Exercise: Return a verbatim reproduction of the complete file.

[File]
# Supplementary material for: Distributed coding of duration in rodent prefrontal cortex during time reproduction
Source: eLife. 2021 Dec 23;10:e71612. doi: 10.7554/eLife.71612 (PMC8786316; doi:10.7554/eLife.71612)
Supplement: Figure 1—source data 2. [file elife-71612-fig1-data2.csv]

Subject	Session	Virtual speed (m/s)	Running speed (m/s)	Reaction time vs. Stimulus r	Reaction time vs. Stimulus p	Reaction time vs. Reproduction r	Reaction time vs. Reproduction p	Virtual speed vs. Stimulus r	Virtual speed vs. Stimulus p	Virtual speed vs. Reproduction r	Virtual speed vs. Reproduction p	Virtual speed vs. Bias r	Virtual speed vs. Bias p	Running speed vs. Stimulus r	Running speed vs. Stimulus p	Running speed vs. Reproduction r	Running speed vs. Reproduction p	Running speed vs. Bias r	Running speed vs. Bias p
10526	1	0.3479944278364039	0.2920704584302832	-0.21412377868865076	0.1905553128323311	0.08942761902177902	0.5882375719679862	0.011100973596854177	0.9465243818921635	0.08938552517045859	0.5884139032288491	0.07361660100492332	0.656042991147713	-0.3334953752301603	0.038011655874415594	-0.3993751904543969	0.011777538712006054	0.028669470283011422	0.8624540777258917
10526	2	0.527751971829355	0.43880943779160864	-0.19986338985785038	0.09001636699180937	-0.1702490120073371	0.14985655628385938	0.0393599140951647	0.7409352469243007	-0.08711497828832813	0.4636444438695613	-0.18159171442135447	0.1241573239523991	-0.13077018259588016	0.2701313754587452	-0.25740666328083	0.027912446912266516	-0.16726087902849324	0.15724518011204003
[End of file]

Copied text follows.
# Supplementary material for: Distributed coding of duration in rodent prefrontal cortex during time reproduction
Source: eLife. 2021 Dec 23;10:e71612. doi: 10.7554/eLife.71612 (PMC8786316; doi:10.7554/eLife.71612)
Supplement: Figure 1—source data 2. [file elife-71612-fig1-data2.csv]

Subject	Session	Virtual speed (m/s)	Running speed (m/s)	Reaction time vs. Stimulus r	Reaction time vs. Stimulus p	Reaction time vs. Reproduction r	Reaction time vs. Reproduction p	Virtual speed vs. Stimulus r	Virtual speed vs. Stimulus p	Virtual speed vs. Reproduction r	Virtual speed vs. Reproduction p	Virtual speed vs. Bias r	Virtual speed vs. Bias p	Running speed vs. Stimulus r	Running speed vs. Stimulus p	Running speed vs. Reproduction r	Running speed vs. Reproduction p	Running speed vs. Bias r	Running speed vs. Bias p
10526	1	0.3479944278364039	0.2920704584302832	-0.21412377868865076	0.1905553128323311	0.08942761902177902	0.5882375719679862	0.011100973596854177	0.9465243818921635	0.08938552517045859	0.5884139032288491	0.07361660100492332	0.656042991147713	-0.3334953752301603	0.038011655874415594	-0.3993751904543969	0.011777538712006054	0.028669470283011422	0.8624540777258917
10526	2	0.527751971829355	0.43880943779160864	-0.19986338985785038	0.09001636699180937	-0.1702490120073371	0.14985655628385938	0.0393599140951647	0.7409352469243007	-0.08711497828832813	0.4636444438695613	-0.18159171442135447	0.1241573239523991	-0.13077018259588016	0.2701313754587452	-0.25740666328083	0.027912446912266516	-0.16726087902849324	0.15724518011204003